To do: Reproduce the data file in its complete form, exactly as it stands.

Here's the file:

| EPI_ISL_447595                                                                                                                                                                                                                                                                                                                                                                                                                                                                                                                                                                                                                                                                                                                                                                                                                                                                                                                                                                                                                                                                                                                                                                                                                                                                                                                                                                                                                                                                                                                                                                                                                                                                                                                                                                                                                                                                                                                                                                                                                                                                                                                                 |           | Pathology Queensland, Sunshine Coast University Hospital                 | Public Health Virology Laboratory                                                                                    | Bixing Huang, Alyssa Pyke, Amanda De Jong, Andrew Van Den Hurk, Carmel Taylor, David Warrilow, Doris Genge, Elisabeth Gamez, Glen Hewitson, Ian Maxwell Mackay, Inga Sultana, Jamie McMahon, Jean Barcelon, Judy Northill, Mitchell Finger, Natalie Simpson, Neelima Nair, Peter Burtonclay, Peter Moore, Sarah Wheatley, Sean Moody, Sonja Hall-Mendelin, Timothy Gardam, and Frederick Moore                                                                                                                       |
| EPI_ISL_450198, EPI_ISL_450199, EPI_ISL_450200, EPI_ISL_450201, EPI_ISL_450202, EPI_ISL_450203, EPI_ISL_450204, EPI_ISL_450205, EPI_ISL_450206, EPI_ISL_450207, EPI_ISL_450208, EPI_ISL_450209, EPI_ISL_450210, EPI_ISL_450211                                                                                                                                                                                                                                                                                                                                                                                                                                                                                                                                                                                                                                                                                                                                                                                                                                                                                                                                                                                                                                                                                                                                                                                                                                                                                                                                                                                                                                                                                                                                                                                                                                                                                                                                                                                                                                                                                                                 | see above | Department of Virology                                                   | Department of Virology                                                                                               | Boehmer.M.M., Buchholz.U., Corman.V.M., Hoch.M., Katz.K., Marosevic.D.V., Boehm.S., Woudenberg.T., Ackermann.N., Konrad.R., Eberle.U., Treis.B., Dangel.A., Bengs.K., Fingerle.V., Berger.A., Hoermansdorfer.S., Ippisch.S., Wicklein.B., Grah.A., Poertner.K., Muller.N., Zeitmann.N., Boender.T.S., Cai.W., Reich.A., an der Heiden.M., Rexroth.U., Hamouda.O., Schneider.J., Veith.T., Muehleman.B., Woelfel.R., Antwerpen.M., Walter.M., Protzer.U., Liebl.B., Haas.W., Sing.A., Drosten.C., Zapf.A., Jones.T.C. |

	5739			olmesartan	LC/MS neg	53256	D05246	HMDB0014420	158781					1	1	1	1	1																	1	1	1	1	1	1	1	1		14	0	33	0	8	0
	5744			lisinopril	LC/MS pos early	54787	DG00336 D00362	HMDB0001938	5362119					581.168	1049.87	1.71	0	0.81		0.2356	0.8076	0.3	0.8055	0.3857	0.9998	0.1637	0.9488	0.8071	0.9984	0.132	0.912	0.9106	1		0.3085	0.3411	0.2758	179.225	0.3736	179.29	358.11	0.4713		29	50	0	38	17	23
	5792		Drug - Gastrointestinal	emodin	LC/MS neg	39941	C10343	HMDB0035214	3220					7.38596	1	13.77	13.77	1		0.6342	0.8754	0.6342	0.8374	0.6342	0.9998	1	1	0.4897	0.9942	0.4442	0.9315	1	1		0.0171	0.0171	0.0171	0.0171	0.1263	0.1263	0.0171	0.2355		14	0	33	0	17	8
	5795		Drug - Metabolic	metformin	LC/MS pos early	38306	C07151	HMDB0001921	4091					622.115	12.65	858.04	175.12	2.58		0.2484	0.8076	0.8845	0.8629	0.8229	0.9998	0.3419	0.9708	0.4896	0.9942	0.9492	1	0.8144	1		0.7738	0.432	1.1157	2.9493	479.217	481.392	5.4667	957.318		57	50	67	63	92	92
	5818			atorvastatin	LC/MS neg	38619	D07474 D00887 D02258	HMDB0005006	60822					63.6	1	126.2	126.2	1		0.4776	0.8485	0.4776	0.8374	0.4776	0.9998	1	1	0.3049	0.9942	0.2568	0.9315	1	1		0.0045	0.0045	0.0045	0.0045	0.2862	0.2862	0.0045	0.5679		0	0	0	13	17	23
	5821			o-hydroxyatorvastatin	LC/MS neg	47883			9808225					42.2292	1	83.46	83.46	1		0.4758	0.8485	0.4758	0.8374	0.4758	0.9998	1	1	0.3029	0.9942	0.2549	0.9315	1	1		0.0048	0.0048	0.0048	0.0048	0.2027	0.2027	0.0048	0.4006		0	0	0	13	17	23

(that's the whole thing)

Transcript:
| EPI_ISL_447595                                                                                                                                                                                                                                                                                                                                                                                                                                                                                                                                                                                                                                                                                                                                                                                                                                                                                                                                                                                                                                                                                                                                                                                                                                                                                                                                                                                                                                                                                                                                                                                                                                                                                                                                                                                                                                                                                                                                                                                                                                                                                                                                 |           | Pathology Queensland, Sunshine Coast University Hospital                 | Public Health Virology Laboratory                                                                                    | Bixing Huang, Alyssa Pyke, Amanda De Jong, Andrew Van Den Hurk, Carmel Taylor, David Warrilow, Doris Genge, Elisabeth Gamez, Glen Hewitson, Ian Maxwell Mackay, Inga Sultana, Jamie McMahon, Jean Barcelon, Judy Northill, Mitchell Finger, Natalie Simpson, Neelima Nair, Peter Burtonclay, Peter Moore, Sarah Wheatley, Sean Moody, Sonja Hall-Mendelin, Timothy Gardam, and Frederick Moore                                                                                                                       |
| EPI_ISL_450198, EPI_ISL_450199, EPI_ISL_450200, EPI_ISL_450201, EPI_ISL_450202, EPI_ISL_450203, EPI_ISL_450204, EPI_ISL_450205, EPI_ISL_450206, EPI_ISL_450207, EPI_ISL_450208, EPI_ISL_450209, EPI_ISL_450210, EPI_ISL_450211                                                                                                                                                                                                                                                                                                                                                                                                                                                                                                                                                                                                                                                                                                                                                                                                                                                                                                                                                                                                                                                                                                                                                                                                                                                                                                                                                                                                                                                                                                                                                                                                                                                                                                                                                                                                                                                                                                                 | see above | Department of Virology                                                   | Department of Virology                                                                                               | Boehmer.M.M., Buchholz.U., Corman.V.M., Hoch.M., Katz.K., Marosevic.D.V., Boehm.S., Woudenberg.T., Ackermann.N., Konrad.R., Eberle.U., Treis.B., Dangel.A., Bengs.K., Fingerle.V., Berger.A., Hoermansdorfer.S., Ippisch.S., Wicklein.B., Grah.A., Poertner.K., Muller.N., Zeitmann.N., Boender.T.S., Cai.W., Reich.A., an der Heiden.M., Rexroth.U., Hamouda.O., Schneider.J., Veith.T., Muehleman.B., Woelfel.R., Antwerpen.M., Walter.M., Protzer.U., Liebl.B., Haas.W., Sing.A., Drosten.C., Zapf.A., Jones.T.C. |

	5739			olmesartan	LC/MS neg	53256	D05246	HMDB0014420	158781					1	1	1	1	1																	1	1	1	1	1	1	1	1		14	0	33	0	8	0
	5744			lisinopril	LC/MS pos early	54787	DG00336 D00362	HMDB0001938	5362119					581.168	1049.87	1.71	0	0.81		0.2356	0.8076	0.3	0.8055	0.3857	0.9998	0.1637	0.9488	0.8071	0.9984	0.132	0.912	0.9106	1		0.3085	0.3411	0.2758	179.225	0.3736	179.29	358.11	0.4713		29	50	0	38	17	23
	5792		Drug - Gastrointestinal	emodin	LC/MS neg	39941	C10343	HMDB0035214	3220					7.38596	1	13.77	13.77	1		0.6342	0.8754	0.6342	0.8374	0.6342	0.9998	1	1	0.4897	0.9942	0.4442	0.9315	1	1		0.0171	0.0171	0.0171	0.0171	0.1263	0.1263	0.0171	0.2355		14	0	33	0	17	8
	5795		Drug - Metabolic	metformin	LC/MS pos early	38306	C07151	HMDB0001921	4091					622.115	12.65	858.04	175.12	2.58		0.2484	0.8076	0.8845	0.8629	0.8229	0.9998	0.3419	0.9708	0.4896	0.9942	0.9492	1	0.8144	1		0.7738	0.432	1.1157	2.9493	479.217	481.392	5.4667	957.318		57	50	67	63	92	92
	5818			atorvastatin	LC/MS neg	38619	D07474 D00887 D02258	HMDB0005006	60822					63.6	1	126.2	126.2	1		0.4776	0.8485	0.4776	0.8374	0.4776	0.9998	1	1	0.3049	0.9942	0.2568	0.9315	1	1		0.0045	0.0045	0.0045	0.0045	0.2862	0.2862	0.0045	0.5679		0	0	0	13	17	23
	5821			o-hydroxyatorvastatin	LC/MS neg	47883			9808225					42.2292	1	83.46	83.46	1		0.4758	0.8485	0.4758	0.8374	0.4758	0.9998	1	1	0.3029	0.9942	0.2549	0.9315	1	1		0.0048	0.0048	0.0048	0.0048	0.2027	0.2027	0.0048	0.4006		0	0	0	13	17	23